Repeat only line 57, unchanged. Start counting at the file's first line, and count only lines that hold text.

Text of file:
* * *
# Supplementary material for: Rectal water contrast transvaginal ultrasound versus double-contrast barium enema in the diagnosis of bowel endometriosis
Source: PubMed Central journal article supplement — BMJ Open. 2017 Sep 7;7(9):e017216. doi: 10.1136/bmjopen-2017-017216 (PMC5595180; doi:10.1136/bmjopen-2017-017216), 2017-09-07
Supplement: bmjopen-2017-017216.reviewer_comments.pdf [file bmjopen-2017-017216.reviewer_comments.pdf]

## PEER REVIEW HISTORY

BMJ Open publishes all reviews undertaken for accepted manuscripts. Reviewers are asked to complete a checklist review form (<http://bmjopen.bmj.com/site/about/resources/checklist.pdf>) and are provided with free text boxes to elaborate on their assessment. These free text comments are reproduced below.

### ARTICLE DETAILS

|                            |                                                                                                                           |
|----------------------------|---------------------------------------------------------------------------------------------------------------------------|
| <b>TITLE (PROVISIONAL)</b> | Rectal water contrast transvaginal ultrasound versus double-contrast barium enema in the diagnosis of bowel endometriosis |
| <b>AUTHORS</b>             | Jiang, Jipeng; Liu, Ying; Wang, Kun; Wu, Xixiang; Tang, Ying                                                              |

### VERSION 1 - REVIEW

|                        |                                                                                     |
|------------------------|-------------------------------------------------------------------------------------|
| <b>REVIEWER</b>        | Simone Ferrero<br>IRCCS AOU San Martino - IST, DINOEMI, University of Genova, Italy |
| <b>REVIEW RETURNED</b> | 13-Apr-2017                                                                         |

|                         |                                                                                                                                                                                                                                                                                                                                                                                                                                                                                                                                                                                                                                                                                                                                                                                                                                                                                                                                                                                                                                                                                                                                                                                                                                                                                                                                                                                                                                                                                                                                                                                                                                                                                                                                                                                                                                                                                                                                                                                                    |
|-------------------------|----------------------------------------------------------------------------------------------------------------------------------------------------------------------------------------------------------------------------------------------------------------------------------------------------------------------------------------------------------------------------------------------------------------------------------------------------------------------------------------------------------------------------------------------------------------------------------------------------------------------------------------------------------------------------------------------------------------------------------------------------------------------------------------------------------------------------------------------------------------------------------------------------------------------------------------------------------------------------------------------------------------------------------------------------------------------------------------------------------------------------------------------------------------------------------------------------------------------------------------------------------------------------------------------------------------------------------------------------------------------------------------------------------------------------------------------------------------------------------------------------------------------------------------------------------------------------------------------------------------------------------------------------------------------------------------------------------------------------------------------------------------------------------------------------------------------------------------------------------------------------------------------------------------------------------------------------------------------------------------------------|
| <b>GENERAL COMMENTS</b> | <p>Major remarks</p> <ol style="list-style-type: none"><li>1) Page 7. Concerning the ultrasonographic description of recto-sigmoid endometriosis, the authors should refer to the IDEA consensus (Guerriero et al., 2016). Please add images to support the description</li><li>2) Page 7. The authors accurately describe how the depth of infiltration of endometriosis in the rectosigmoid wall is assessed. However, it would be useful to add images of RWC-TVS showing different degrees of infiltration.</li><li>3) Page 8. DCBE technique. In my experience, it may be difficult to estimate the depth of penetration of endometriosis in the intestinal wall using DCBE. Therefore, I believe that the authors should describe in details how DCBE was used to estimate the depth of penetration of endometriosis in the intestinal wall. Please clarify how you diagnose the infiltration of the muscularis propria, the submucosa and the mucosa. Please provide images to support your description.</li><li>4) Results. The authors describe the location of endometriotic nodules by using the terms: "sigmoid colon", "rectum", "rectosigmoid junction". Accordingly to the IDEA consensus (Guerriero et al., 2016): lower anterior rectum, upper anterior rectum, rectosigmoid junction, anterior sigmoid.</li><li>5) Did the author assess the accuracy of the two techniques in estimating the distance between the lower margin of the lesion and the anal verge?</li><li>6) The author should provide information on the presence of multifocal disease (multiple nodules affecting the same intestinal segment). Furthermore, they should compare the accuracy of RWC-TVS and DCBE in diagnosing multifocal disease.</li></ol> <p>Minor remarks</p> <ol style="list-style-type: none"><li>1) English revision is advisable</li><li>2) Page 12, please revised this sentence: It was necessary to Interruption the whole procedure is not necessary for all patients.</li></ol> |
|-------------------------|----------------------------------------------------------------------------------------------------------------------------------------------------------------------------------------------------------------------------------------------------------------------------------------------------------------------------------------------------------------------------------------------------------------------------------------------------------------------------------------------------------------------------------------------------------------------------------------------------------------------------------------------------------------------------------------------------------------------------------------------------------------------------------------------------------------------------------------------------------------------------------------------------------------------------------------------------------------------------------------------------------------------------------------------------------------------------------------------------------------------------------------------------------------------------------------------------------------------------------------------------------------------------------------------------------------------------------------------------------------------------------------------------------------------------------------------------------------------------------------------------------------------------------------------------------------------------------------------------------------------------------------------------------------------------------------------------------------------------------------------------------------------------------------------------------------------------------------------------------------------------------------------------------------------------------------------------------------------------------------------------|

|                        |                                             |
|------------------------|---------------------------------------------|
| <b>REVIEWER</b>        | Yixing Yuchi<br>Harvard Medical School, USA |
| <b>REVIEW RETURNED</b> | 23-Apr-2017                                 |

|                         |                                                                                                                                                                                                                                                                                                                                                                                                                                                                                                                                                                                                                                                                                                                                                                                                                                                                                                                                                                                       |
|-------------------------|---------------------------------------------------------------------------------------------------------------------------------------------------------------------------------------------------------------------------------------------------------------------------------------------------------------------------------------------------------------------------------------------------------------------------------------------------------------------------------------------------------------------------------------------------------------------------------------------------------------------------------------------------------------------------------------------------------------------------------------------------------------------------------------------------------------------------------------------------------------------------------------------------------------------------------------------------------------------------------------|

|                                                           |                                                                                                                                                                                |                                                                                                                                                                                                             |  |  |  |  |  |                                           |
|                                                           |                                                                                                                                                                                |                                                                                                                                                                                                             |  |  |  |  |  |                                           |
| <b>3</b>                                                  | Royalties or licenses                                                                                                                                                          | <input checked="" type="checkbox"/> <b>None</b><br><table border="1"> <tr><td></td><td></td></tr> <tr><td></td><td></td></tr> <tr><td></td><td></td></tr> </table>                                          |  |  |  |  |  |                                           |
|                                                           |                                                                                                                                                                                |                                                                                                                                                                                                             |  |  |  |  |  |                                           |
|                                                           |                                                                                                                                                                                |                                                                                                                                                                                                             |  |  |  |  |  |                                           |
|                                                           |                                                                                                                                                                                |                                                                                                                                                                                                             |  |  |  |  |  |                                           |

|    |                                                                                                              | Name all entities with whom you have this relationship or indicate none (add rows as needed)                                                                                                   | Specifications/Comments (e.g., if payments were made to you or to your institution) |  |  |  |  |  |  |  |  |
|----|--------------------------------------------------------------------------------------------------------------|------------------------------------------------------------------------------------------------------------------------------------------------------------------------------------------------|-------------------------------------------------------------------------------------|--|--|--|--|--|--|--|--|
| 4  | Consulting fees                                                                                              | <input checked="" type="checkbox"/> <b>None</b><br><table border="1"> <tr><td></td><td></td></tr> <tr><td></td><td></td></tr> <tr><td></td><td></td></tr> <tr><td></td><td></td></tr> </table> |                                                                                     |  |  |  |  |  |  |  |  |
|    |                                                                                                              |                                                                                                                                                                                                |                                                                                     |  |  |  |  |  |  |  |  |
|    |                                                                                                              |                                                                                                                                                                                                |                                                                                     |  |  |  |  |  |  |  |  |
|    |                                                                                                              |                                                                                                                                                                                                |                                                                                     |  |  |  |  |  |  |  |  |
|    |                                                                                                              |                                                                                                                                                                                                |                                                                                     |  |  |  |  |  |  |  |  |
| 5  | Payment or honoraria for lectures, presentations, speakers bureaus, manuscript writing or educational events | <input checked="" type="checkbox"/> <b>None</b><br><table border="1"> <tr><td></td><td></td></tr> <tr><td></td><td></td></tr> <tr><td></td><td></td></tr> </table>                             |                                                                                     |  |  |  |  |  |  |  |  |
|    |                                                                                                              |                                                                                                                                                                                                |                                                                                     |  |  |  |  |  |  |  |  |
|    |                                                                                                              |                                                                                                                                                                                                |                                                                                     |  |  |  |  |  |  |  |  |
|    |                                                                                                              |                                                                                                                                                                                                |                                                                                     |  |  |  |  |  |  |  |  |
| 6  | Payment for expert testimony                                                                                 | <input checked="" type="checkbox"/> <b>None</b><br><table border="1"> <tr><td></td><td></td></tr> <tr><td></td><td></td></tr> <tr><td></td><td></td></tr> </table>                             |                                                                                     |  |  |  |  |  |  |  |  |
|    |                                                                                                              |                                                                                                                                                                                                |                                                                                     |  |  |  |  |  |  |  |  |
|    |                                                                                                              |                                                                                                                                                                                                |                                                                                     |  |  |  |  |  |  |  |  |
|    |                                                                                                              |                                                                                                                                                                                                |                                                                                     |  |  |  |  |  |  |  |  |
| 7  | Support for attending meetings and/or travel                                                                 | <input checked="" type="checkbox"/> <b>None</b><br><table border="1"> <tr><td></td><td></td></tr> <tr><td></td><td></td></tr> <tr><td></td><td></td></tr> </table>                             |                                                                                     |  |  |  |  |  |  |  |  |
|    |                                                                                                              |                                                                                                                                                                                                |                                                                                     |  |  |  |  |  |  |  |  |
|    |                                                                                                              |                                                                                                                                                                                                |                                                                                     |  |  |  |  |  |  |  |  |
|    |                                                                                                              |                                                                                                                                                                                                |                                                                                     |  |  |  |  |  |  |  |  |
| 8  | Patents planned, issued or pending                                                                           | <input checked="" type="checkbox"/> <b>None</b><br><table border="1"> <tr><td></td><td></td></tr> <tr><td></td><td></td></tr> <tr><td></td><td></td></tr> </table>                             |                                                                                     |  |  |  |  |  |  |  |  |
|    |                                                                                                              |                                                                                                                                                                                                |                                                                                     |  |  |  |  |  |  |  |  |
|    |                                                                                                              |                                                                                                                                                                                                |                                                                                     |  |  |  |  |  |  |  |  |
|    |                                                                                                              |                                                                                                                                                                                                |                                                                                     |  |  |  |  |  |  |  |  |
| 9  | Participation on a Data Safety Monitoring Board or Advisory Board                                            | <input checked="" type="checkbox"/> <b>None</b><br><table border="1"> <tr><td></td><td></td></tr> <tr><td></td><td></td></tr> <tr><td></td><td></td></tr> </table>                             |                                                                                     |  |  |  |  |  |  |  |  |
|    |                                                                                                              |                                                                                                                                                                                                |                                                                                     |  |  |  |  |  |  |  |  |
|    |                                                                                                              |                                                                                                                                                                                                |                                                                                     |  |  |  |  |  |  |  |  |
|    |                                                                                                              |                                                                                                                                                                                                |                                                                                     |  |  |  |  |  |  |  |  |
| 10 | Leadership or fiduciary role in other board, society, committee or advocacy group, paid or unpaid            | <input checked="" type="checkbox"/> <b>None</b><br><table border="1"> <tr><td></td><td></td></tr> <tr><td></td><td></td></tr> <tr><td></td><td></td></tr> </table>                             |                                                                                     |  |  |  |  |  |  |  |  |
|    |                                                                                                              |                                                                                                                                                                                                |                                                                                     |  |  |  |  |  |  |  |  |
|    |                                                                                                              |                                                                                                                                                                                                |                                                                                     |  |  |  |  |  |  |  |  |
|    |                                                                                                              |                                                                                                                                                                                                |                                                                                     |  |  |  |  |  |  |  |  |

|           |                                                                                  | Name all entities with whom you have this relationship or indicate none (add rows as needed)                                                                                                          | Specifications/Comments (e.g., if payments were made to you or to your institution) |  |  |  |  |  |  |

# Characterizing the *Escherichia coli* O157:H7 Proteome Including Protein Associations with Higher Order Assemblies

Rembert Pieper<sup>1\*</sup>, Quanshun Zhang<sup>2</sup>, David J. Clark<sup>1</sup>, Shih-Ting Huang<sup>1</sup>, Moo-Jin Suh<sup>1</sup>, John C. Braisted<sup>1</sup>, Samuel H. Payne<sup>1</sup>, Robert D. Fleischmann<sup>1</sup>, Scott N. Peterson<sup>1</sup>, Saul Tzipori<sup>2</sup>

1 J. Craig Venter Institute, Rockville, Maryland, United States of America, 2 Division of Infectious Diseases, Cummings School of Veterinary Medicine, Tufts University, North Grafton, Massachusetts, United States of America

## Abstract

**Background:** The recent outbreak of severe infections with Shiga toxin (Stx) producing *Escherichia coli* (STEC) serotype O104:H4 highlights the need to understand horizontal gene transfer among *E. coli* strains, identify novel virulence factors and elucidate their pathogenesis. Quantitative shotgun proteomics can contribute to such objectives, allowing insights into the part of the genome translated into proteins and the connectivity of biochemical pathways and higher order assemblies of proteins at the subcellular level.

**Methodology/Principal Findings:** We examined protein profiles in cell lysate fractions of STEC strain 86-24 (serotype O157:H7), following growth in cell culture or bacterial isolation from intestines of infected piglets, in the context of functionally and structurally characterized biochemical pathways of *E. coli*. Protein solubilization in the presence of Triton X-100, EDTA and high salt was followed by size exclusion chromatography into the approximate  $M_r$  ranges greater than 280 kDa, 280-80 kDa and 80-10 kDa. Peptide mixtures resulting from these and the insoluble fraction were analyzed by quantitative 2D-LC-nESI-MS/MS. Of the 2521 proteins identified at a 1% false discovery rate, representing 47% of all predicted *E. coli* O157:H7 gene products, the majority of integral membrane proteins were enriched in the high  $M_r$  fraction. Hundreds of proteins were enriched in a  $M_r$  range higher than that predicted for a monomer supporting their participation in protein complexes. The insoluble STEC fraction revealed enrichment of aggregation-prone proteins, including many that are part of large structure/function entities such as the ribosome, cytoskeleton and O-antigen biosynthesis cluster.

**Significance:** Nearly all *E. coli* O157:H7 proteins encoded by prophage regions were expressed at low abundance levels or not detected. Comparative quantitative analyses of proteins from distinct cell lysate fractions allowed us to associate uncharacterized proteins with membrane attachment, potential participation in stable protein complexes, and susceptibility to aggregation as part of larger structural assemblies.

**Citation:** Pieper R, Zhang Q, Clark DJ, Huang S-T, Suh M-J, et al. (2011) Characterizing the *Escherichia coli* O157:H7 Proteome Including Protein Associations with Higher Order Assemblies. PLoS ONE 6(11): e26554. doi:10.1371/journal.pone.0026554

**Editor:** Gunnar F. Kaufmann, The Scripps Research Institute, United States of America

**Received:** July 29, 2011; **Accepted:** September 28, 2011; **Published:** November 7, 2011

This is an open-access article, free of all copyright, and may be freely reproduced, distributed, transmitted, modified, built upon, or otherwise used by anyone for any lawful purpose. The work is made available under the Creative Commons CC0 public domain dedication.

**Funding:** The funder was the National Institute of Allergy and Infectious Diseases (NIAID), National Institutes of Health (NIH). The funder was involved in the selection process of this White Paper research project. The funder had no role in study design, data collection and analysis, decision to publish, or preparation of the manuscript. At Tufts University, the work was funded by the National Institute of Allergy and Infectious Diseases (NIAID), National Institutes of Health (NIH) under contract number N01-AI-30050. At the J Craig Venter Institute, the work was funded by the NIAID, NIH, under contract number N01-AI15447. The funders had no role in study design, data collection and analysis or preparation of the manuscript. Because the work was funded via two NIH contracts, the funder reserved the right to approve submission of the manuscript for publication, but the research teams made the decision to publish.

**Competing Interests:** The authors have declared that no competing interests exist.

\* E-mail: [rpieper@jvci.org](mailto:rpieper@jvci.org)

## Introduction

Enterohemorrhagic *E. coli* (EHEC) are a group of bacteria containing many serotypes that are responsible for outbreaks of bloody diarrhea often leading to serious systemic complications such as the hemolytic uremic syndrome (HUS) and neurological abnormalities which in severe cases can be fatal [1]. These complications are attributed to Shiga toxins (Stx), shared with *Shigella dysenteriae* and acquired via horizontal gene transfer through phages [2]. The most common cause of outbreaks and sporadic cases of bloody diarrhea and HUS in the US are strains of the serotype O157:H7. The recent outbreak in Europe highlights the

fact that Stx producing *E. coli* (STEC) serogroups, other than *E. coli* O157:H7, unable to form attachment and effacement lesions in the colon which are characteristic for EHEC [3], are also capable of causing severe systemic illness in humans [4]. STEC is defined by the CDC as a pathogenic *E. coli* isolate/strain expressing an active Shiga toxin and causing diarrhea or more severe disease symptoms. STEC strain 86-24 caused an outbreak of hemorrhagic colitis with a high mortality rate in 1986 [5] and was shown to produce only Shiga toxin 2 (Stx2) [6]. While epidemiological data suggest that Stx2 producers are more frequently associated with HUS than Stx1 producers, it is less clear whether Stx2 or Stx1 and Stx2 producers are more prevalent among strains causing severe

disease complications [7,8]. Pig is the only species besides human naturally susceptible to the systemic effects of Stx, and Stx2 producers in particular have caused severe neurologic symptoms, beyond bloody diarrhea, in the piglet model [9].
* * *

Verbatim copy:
|    |                                                                                                              |                                                                                                                                                                                                |                                                                                     |  |  |  |  |  |  |  |  |